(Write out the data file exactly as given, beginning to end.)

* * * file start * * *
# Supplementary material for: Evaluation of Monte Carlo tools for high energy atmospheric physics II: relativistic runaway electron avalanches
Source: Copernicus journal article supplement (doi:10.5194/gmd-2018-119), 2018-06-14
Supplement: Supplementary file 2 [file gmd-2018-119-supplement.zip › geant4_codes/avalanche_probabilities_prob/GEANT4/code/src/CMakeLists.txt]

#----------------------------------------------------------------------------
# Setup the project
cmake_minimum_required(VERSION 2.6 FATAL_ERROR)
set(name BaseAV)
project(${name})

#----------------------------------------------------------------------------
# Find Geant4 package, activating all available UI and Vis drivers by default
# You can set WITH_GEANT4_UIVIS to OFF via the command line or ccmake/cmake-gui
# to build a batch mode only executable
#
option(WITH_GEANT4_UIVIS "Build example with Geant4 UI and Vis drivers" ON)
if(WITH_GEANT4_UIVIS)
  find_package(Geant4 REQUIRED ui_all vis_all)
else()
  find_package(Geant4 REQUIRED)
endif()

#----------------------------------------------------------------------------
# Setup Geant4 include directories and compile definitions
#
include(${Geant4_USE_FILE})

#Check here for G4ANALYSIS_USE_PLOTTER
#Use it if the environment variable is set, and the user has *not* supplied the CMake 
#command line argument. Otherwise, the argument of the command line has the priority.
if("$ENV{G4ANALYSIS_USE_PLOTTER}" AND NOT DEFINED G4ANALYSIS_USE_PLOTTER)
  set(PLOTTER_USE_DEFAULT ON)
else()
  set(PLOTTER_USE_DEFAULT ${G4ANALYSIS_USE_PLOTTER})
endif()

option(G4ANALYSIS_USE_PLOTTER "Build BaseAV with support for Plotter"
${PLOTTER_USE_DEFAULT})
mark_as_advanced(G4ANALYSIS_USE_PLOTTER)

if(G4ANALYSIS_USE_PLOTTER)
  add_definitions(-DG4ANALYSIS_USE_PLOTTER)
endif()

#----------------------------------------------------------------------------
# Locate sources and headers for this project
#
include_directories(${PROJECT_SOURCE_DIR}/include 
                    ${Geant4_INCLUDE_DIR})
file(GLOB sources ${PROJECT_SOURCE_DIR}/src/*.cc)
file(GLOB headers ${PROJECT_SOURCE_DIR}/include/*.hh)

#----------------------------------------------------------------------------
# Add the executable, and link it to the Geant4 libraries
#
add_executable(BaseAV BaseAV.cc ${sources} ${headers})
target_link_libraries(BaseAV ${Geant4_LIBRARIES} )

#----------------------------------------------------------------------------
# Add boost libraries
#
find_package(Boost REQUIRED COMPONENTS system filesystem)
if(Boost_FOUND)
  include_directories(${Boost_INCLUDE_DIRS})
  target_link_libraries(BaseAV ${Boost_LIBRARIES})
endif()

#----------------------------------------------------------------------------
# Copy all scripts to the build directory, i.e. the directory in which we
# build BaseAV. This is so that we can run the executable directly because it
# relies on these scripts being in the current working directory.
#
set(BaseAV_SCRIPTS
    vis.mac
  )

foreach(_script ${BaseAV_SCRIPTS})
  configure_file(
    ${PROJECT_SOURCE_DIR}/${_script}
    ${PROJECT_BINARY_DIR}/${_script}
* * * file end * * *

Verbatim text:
# Supplementary material for: Evaluation of Monte Carlo tools for high energy atmospheric physics II: relativistic runaway electron avalanches
Source: Copernicus journal article supplement (doi:10.5194/gmd-2018-119), 2018-06-14
Supplement: Supplementary file 2 [file gmd-2018-119-supplement.zip › geant4_codes/avalanche_probabilities_prob/GEANT4/code/src/CMakeLists.txt]

#----------------------------------------------------------------------------
# Setup the project
cmake_minimum_required(VERSION 2.6 FATAL_ERROR)
set(name BaseAV)
project(${name})

#----------------------------------------------------------------------------
# Find Geant4 package, activating all available UI and Vis drivers by default
# You can set WITH_GEANT4_UIVIS to OFF via the command line or ccmake/cmake-gui
# to build a batch mode only executable
#
option(WITH_GEANT4_UIVIS "Build example with Geant4 UI and Vis drivers" ON)
if(WITH_GEANT4_UIVIS)
  find_package(Geant4 REQUIRED ui_all vis_all)
else()
  find_package(Geant4 REQUIRED)
endif()

#----------------------------------------------------------------------------
# Setup Geant4 include directories and compile definitions
#
include(${Geant4_USE_FILE})

#Check here for G4ANALYSIS_USE_PLOTTER
#Use it if the environment variable is set, and the user has *not* supplied the CMake 
#command line argument. Otherwise, the argument of the command line has the priority.
if("$ENV{G4ANALYSIS_USE_PLOTTER}" AND NOT DEFINED G4ANALYSIS_USE_PLOTTER)
  set(PLOTTER_USE_DEFAULT ON)
else()
  set(PLOTTER_USE_DEFAULT ${G4ANALYSIS_USE_PLOTTER})
endif()

option(G4ANALYSIS_USE_PLOTTER "Build BaseAV with support for Plotter"
${PLOTTER_USE_DEFAULT})
mark_as_advanced(G4ANALYSIS_USE_PLOTTER)

if(G4ANALYSIS_USE_PLOTTER)
  add_definitions(-DG4ANALYSIS_USE_PLOTTER)
endif()

#----------------------------------------------------------------------------
# Locate sources and headers for this project
#
include_directories(${PROJECT_SOURCE_DIR}/include 
                    ${Geant4_INCLUDE_DIR})
file(GLOB sources ${PROJECT_SOURCE_DIR}/src/*.cc)
file(GLOB headers ${PROJECT_SOURCE_DIR}/include/*.hh)

#----------------------------------------------------------------------------
# Add the executable, and link it to the Geant4 libraries
#
add_executable(BaseAV BaseAV.cc ${sources} ${headers})
target_link_libraries(BaseAV ${Geant4_LIBRARIES} )

#----------------------------------------------------------------------------
# Add boost libraries
#
find_package(Boost REQUIRED COMPONENTS system filesystem)
if(Boost_FOUND)
  include_directories(${Boost_INCLUDE_DIRS})
  target_link_libraries(BaseAV ${Boost_LIBRARIES})
endif()

#----------------------------------------------------------------------------
# Copy all scripts to the build directory, i.e. the directory in which we
# build BaseAV. This is so that we can run the executable directly because it
# relies on these scripts being in the current working directory.
#
set(BaseAV_SCRIPTS
    vis.mac
  )

foreach(_script ${BaseAV_SCRIPTS})
  configure_file(
    ${PROJECT_SOURCE_DIR}/${_script}
    ${PROJECT_BINARY_DIR}/${_script}